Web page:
The United States Geological Survey recorded a Magnitude 4.9 Earthquake at a depth of 5.0 km, roughly 15 km north of Chalis City in Custer County, Idaho, slightly after 6.00 pm local time on Saturday 12 April 2014 (slightly after midnight on Sunday 13 April, GMT). This is a large quake for the area, and was felt across much of Idaho as well as western areas of neighbouring Montana, but there are no reports of any injuries or damage beyond items being shaken from shelves and off walls.
The approximate location of the 12 April 2014 Custer County Earthquake. Google Maps.
The quake took part in an area known as the Central Idaho Seismic Zone, which is bisected by six active faults, the Madison, Centennial, Beaverhead, Lemhi, Lost River, and Sawtooth. These faults are associated with the Yellowstone Magma Chamber in the northeast of Wyoming, an area that suffers more-or-less constant small tremors due to the movement of magma beneath the surface, but which seldom experiences larger quakes. The constant small movements around Yellowstone can lead to stress building up in rocks further away, leading to Earthquakes as the rocks release the strain by readjusting their positions, which can affect Wyoming as well as neighbouring Idaho and Montana. The same faults also suffer stress due to more distant rock movements, notably on the subduction zone on the American west coast.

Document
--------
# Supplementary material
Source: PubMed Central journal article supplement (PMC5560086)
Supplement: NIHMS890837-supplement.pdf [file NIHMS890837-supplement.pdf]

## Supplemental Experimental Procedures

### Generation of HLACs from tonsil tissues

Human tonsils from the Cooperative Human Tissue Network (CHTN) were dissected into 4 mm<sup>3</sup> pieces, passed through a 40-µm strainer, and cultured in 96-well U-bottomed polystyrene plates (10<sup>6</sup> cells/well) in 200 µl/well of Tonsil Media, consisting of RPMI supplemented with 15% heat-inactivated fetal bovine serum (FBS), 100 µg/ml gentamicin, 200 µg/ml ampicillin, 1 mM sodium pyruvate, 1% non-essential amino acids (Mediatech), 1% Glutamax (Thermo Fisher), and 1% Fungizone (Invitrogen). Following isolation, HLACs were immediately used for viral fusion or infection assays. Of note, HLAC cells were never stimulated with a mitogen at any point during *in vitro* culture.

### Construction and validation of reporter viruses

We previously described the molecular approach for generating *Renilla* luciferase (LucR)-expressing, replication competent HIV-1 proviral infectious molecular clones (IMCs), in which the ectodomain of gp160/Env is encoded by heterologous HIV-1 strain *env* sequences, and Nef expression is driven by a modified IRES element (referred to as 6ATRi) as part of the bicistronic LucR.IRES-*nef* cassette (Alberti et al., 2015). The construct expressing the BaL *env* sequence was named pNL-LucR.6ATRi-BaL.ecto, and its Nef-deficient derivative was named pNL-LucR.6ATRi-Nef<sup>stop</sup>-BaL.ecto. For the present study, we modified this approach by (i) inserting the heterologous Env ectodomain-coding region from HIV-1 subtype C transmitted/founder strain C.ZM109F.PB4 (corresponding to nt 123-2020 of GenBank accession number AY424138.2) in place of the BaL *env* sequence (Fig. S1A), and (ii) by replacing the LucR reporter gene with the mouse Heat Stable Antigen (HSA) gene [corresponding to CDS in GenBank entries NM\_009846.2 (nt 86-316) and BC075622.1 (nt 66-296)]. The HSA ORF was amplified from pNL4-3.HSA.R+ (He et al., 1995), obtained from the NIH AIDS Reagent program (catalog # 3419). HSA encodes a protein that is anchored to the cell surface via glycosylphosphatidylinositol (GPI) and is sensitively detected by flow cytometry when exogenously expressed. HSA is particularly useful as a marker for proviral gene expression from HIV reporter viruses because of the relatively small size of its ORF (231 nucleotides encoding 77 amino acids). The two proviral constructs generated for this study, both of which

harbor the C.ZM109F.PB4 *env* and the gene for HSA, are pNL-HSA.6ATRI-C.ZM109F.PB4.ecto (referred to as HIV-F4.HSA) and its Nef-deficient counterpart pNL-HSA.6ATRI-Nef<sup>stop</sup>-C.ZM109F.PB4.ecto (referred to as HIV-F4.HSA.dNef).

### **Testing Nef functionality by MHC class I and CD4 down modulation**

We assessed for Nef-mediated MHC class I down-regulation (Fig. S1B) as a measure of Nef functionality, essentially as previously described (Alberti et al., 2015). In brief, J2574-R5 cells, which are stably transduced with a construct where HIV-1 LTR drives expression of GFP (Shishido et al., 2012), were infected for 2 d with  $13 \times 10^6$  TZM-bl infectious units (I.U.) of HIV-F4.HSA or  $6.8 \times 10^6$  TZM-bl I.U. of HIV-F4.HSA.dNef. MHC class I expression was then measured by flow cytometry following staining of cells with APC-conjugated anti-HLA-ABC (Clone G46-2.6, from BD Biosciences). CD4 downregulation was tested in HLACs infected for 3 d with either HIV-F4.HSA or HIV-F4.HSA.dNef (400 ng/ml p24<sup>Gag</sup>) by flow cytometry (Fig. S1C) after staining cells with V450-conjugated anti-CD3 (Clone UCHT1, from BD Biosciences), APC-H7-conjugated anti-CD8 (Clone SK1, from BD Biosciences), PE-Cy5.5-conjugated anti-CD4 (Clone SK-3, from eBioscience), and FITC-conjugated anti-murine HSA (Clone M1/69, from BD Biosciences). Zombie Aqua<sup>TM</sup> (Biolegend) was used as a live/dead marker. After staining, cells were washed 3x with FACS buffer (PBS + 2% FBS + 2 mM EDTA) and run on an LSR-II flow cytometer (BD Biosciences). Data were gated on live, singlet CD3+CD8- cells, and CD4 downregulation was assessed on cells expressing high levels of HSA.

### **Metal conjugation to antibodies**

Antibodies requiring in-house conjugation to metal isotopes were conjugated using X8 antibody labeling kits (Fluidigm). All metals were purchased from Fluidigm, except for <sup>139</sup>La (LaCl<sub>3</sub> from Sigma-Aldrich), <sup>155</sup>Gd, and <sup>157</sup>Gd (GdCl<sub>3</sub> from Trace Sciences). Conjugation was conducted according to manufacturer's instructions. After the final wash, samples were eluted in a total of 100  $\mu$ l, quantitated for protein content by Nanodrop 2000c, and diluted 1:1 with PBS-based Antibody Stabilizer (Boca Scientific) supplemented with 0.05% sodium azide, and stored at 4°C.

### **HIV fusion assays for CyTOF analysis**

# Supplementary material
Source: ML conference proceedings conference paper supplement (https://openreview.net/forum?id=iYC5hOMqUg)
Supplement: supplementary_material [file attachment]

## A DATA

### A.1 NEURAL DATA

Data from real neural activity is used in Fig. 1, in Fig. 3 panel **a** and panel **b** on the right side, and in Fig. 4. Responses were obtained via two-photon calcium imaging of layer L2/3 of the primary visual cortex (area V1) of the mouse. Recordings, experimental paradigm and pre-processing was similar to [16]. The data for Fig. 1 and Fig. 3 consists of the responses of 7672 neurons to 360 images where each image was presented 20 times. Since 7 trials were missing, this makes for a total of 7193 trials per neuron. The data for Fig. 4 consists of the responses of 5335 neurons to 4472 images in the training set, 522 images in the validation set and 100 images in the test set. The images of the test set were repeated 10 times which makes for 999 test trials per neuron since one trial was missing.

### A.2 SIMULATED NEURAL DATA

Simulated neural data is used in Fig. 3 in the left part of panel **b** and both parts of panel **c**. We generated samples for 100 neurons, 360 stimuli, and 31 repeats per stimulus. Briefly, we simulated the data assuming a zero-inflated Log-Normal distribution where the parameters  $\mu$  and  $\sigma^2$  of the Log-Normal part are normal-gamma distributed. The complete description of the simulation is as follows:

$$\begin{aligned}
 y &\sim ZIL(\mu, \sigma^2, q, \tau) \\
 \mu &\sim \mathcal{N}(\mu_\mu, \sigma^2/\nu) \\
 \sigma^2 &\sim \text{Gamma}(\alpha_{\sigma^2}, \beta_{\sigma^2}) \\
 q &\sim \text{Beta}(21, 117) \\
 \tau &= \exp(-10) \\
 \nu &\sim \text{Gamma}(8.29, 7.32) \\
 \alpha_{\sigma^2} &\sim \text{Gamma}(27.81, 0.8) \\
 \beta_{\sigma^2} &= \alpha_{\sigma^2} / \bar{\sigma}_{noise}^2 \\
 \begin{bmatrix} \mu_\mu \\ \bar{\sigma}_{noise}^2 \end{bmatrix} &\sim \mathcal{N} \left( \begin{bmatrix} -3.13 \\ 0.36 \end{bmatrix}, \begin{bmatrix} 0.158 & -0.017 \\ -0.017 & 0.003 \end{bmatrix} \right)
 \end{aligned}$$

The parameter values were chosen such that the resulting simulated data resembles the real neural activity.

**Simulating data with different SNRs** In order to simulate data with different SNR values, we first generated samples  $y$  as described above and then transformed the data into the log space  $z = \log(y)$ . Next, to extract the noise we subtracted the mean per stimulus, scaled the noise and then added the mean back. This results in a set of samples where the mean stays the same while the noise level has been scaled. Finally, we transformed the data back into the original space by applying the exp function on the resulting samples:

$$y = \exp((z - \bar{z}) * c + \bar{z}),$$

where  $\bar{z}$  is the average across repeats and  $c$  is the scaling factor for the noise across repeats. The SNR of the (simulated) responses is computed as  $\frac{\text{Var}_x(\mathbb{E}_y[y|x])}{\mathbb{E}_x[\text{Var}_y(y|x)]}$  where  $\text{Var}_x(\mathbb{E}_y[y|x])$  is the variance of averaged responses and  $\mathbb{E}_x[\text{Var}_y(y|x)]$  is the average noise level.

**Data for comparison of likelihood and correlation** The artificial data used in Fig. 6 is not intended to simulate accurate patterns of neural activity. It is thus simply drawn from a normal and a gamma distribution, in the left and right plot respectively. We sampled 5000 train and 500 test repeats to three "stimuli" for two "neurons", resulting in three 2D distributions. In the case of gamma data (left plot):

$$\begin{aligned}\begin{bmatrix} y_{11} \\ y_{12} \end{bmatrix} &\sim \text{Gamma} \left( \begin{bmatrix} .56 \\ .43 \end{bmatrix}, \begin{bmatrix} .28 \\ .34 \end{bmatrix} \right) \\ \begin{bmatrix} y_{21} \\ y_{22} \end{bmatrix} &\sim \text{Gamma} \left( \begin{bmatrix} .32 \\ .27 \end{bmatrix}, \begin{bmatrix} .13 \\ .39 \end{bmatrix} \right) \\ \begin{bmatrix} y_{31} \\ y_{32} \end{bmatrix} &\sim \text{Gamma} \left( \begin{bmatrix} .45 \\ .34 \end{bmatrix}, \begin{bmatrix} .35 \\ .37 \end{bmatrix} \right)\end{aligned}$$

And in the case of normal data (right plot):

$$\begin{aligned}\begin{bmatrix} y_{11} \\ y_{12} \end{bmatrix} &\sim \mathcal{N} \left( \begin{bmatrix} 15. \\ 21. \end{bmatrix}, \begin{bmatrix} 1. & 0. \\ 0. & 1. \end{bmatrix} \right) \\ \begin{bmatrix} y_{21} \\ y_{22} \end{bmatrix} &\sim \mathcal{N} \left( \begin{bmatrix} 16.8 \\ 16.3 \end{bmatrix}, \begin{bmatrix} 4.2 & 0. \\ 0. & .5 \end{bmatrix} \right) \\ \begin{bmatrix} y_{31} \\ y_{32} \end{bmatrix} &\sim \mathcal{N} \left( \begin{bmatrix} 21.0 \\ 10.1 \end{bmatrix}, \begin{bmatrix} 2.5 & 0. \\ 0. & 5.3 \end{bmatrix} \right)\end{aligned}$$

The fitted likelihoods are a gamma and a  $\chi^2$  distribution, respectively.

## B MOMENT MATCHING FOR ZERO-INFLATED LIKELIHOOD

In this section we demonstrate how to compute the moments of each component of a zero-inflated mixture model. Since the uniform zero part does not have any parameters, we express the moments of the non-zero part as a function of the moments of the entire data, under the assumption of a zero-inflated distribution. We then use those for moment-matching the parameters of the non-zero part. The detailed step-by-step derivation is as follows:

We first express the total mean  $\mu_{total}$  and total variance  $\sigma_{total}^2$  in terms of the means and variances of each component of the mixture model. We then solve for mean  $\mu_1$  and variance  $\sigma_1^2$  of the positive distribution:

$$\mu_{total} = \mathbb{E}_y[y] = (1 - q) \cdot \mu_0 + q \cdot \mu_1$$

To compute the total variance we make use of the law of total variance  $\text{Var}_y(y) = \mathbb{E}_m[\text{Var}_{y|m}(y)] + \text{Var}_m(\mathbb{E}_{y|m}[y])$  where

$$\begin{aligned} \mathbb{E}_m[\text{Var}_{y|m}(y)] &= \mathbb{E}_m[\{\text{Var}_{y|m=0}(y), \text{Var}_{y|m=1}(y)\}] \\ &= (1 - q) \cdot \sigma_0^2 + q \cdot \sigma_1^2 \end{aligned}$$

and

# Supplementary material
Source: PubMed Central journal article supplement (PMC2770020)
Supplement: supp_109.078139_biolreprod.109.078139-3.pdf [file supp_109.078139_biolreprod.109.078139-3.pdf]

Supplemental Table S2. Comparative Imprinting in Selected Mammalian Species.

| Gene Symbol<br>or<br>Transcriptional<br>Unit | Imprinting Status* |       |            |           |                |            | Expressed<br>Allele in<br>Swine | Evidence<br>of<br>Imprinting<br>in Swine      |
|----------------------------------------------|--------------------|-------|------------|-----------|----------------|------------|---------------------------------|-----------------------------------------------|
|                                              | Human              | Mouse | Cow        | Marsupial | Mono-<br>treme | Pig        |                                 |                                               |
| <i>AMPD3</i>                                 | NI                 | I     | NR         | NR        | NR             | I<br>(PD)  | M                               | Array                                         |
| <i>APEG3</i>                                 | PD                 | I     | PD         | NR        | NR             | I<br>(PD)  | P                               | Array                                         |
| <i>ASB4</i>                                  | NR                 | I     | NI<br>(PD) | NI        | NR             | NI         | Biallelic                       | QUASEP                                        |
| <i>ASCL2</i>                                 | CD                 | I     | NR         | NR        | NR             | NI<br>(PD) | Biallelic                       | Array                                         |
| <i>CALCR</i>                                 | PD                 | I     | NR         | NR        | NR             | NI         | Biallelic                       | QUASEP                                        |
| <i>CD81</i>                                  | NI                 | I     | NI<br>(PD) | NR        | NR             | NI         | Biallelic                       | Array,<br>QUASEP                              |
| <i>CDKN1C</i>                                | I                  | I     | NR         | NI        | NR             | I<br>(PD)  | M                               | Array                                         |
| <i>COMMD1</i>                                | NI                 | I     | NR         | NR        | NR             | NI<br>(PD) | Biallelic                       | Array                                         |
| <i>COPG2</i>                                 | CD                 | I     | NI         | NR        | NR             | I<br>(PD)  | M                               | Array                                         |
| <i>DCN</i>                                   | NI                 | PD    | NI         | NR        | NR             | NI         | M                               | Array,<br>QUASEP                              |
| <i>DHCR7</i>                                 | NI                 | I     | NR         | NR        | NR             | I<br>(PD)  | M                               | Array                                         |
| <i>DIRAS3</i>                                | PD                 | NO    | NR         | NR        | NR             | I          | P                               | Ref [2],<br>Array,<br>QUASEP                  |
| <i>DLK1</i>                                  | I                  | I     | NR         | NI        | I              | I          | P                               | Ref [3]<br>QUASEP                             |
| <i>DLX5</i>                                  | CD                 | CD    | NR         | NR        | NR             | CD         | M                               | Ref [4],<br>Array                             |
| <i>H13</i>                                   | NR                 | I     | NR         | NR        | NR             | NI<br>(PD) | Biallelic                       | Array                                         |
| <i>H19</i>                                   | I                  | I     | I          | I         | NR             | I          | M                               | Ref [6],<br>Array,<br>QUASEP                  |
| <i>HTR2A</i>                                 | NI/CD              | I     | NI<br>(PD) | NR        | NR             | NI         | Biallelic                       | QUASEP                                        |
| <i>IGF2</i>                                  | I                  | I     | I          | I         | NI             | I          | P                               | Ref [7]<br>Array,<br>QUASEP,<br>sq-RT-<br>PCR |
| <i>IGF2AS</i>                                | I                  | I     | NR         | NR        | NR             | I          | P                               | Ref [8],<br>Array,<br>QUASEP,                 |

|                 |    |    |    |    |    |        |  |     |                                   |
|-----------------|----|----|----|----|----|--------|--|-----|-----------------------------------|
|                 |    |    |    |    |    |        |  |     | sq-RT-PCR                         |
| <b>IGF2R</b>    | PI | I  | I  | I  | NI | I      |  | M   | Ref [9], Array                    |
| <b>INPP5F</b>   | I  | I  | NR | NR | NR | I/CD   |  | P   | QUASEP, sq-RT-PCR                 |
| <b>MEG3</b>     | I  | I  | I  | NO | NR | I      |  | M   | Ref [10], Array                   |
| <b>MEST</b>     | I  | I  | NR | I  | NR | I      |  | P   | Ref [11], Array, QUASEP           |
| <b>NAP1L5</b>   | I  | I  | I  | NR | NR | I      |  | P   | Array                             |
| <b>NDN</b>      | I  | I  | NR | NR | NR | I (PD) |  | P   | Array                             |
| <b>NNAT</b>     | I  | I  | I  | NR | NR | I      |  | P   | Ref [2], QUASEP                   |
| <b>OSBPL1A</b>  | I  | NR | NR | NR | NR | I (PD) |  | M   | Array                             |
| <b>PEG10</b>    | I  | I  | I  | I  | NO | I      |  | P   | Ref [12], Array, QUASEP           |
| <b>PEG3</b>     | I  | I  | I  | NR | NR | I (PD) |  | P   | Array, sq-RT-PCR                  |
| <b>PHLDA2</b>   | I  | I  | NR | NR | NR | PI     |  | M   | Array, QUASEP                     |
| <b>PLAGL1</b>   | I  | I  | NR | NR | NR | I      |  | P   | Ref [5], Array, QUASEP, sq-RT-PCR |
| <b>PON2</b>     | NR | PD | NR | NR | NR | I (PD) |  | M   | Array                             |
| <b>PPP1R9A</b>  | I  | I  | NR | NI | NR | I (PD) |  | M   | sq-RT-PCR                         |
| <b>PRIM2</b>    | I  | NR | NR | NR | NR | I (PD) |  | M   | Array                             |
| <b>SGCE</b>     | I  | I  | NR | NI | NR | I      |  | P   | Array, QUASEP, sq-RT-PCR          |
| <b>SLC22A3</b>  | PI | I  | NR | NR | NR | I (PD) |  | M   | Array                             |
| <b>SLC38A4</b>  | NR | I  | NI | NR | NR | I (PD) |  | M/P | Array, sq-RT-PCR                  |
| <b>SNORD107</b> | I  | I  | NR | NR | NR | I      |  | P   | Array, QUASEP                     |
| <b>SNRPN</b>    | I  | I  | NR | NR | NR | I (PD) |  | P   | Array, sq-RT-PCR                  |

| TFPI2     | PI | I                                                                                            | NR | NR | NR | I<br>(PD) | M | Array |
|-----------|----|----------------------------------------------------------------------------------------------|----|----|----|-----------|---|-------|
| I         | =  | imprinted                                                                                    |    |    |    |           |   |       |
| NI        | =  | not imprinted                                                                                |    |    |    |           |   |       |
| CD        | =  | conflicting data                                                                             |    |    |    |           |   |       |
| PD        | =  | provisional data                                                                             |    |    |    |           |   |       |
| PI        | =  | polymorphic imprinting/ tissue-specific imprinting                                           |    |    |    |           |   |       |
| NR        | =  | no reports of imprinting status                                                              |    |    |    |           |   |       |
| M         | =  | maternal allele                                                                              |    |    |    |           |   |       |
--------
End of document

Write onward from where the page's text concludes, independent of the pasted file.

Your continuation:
Witness accounts of Earthquakes can help geologists to understand these events and the underlying structures that cause them. If you felt this quake (or if you were in the area but did not, which is also useful information) then you can report it to the United States Geological Survey here.
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